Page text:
Employers considering whether to adopt a mandatory vaccine policy should be alert to recently-enacted and pending legislation regulating workplace vaccine policies in certain states. As we reported last month, the Equal Employment Opportunity Commission (EEOC) has issued guidance for employers to consider before adopting a mandatory vaccine policy.
The EEOC takes the position that employers may implement a mandatory vaccine policy as long as the policy allows for exceptions to provide a reasonable accommodation if the employee has a covered disability under the Americans With Disabilities Act (ADA) that prevents the employee from getting a COVID-19 vaccine. Similarly, under Title VII of the Civil Rights Act, an employee may be entitled to a reasonable accommodation from a mandatory vaccination requirement if the employee has a sincerely held religious belief, practice or observance that prevents the employee from taking a COVID-19 vaccine. If an employee cannot take a COVID-19 vaccine because of a disability or sincerely held religious belief, practice or observance, the EEOC states it is lawful for an employer to exclude the employee from the physical workplace if no other reasonable accommodation is possible.
But remember to be mindful of state-specific COVID-19 vaccine regulations. For example, California and New Jersey have issued guidance regarding mandatory COVID-19 vaccine policies that largely mirror the EEOC’s guidance on the topic. The California Department of Fair Employment and Housing has stated that employers may require employees to receive a COVID-19 vaccine before entering the workplace if the following three conditions are met:
- The employer does not discriminate against or harass employees or applicants on the basis of a protected characteristic;
- The employer provides reasonable accommodations related to disability or sincerely-held religious beliefs or practices; and
- The employer does not retaliate against anyone for engaging in protected activity, like requesting a reasonable accommodation.
New Jersey has issued guidance that says employers may require employees to receive a COVID-19 vaccine before returning to the workplace, unless:
- The employee cannot get the vaccine because of a disability;
- The employee’s doctor has advised them not to get the vaccine while pregnant or breastfeeding; or
- The employee has a sincerely-held religious belief, practice or observance that precludes them from getting a COVID-19 vaccine.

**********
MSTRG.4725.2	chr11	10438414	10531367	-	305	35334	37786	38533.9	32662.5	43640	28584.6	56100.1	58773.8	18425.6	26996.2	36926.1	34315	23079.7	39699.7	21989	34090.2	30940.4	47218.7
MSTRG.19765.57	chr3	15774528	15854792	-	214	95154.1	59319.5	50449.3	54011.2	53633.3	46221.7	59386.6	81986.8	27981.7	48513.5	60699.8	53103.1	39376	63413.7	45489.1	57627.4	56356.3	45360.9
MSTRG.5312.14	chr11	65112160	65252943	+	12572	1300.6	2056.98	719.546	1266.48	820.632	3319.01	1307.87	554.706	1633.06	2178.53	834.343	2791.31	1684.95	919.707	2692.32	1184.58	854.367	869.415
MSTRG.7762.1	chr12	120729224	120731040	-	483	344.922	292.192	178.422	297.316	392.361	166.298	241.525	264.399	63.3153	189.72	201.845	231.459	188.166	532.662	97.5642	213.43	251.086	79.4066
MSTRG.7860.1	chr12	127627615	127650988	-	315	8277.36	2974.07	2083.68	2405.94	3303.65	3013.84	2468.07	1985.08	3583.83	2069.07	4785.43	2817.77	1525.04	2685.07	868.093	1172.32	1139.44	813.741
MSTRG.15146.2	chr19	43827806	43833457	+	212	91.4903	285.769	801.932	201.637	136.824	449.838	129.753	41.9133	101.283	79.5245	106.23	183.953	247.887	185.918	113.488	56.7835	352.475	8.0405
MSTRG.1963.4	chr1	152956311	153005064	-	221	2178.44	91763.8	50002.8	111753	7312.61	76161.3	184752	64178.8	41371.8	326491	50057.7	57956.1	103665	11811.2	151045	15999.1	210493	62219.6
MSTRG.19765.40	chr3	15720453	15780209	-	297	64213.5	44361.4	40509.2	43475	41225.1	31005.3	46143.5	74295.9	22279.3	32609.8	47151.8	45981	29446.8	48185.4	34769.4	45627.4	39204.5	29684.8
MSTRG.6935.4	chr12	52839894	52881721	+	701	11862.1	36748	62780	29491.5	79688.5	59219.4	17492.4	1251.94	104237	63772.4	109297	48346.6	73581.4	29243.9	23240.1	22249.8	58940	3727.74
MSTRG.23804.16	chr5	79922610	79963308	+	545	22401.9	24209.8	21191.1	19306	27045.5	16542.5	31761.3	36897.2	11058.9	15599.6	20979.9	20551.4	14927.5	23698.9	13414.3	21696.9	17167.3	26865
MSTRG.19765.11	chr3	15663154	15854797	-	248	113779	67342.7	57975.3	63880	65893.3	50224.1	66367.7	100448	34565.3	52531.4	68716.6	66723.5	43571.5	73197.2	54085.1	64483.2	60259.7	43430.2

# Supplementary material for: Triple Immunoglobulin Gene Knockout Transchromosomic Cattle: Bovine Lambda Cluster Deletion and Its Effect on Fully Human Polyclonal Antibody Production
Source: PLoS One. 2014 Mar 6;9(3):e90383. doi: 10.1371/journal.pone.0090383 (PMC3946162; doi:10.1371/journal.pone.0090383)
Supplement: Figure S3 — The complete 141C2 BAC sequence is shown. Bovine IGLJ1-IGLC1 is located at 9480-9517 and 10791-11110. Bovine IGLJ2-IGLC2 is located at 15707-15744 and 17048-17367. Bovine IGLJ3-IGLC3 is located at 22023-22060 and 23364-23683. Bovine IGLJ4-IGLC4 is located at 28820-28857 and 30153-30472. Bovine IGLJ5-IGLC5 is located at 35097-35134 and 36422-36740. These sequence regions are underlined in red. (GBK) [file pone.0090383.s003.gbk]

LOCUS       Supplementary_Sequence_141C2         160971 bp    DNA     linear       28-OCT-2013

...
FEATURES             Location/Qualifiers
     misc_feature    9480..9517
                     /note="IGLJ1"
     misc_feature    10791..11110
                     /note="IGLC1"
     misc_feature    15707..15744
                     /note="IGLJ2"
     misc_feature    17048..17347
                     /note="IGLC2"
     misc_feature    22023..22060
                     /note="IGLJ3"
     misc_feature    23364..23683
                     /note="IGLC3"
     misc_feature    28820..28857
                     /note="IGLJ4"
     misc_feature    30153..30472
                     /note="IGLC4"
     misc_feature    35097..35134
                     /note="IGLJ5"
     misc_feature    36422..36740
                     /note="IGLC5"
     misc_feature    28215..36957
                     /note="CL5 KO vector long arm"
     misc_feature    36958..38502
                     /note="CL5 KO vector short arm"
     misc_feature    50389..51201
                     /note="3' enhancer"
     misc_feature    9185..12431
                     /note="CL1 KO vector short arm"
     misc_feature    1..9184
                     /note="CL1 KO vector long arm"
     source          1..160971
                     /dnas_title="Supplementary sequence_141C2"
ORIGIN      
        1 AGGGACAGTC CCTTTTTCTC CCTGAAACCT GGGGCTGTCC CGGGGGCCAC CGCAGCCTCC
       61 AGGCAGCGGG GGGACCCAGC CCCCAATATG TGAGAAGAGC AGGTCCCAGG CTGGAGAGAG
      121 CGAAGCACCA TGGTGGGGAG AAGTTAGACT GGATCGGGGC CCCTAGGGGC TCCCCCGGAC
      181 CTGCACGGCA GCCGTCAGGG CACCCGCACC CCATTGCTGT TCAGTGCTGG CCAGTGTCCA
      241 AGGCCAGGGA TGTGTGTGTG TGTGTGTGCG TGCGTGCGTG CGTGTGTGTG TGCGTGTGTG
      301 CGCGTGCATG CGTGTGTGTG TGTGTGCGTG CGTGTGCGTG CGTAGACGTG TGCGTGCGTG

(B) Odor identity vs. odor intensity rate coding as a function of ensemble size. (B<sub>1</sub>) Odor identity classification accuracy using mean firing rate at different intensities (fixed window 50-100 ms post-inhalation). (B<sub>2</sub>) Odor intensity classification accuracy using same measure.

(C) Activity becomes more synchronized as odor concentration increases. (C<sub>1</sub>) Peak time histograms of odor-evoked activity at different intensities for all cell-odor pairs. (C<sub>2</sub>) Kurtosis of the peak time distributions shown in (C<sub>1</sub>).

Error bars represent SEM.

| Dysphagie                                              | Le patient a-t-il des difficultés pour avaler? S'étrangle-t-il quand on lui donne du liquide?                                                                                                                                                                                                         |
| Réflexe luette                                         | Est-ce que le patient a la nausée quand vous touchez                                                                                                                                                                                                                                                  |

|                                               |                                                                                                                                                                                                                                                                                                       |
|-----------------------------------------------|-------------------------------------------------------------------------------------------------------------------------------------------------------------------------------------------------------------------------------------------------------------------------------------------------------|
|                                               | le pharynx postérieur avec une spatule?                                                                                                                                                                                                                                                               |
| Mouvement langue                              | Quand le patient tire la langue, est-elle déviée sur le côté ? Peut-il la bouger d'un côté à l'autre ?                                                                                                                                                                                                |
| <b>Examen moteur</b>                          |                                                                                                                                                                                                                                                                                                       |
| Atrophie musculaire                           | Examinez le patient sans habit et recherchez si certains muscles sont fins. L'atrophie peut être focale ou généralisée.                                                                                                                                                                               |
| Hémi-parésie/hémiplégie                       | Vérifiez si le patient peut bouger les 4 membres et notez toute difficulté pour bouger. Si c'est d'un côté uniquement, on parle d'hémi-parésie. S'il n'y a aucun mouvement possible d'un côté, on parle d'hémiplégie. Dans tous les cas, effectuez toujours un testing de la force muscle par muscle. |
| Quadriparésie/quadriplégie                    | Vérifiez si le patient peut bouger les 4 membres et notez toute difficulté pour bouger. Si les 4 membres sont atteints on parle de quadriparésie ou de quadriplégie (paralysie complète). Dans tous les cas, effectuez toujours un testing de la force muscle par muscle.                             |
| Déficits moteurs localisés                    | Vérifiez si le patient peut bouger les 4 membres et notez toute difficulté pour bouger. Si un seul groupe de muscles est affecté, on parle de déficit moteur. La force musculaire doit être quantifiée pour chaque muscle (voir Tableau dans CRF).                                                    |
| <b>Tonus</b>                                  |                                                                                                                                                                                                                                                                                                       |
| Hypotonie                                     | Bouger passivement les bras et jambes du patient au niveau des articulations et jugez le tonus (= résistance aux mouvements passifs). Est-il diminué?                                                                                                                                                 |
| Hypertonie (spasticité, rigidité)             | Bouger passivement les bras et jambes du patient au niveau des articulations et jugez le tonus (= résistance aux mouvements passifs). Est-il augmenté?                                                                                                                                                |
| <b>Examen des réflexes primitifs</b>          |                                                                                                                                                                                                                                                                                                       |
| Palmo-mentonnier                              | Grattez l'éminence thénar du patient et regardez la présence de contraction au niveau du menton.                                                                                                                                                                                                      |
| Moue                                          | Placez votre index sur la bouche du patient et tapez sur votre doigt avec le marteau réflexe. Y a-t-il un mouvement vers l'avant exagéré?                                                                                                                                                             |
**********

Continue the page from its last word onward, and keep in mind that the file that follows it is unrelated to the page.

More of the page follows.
Now, however, states like Ohio, Oklahoma, Tennessee and Wisconsin have introduced legislation that would severely limit an employer’s ability to implement and enforce a mandatory vaccine policy. A bill was recently introduced in the Ohio House of Representatives that would permit employees to refuse an employer-mandated COVID-19 vaccination for certain broadly stated reasons: the “Vaccine Choice and Anti-Discrimination Act.” Under the bill, an employee would simply need to give his or her employer a written statement or verbal declaration that includes at least one of the following reasons for declining a COVID-19 vaccine: medical contraindications, natural immunity or reasons of conscience (including religious convictions).
If the bill is enacted into law, it would severely limit an employer’s ability to mandate COVID-19 vaccinations for its workforce. The law would also prohibit discriminatory policies targeted at those who are not vaccinated. As an example, the proposed law says an employer would not be permitted to require unvaccinated employees to wear a mask while not imposing the mask obligation on vaccinated employees. An employer would also be unable to discriminate against an employee or segregate an employee from the rest of the workforce for refusing to get a COVID-19 vaccine. Of course, the bill is likely to be controversial and will almost certainly face pushback from other Ohio lawmakers. Although it is unclear whether the Ohio legislature would pass this bill or if Gov. Mike DeWine would sign it into law, employers in Ohio should monitor this bill’s progress in the coming weeks and months.
Employers should consult with counsel when crafting and enforcing a mandatory vaccine policy.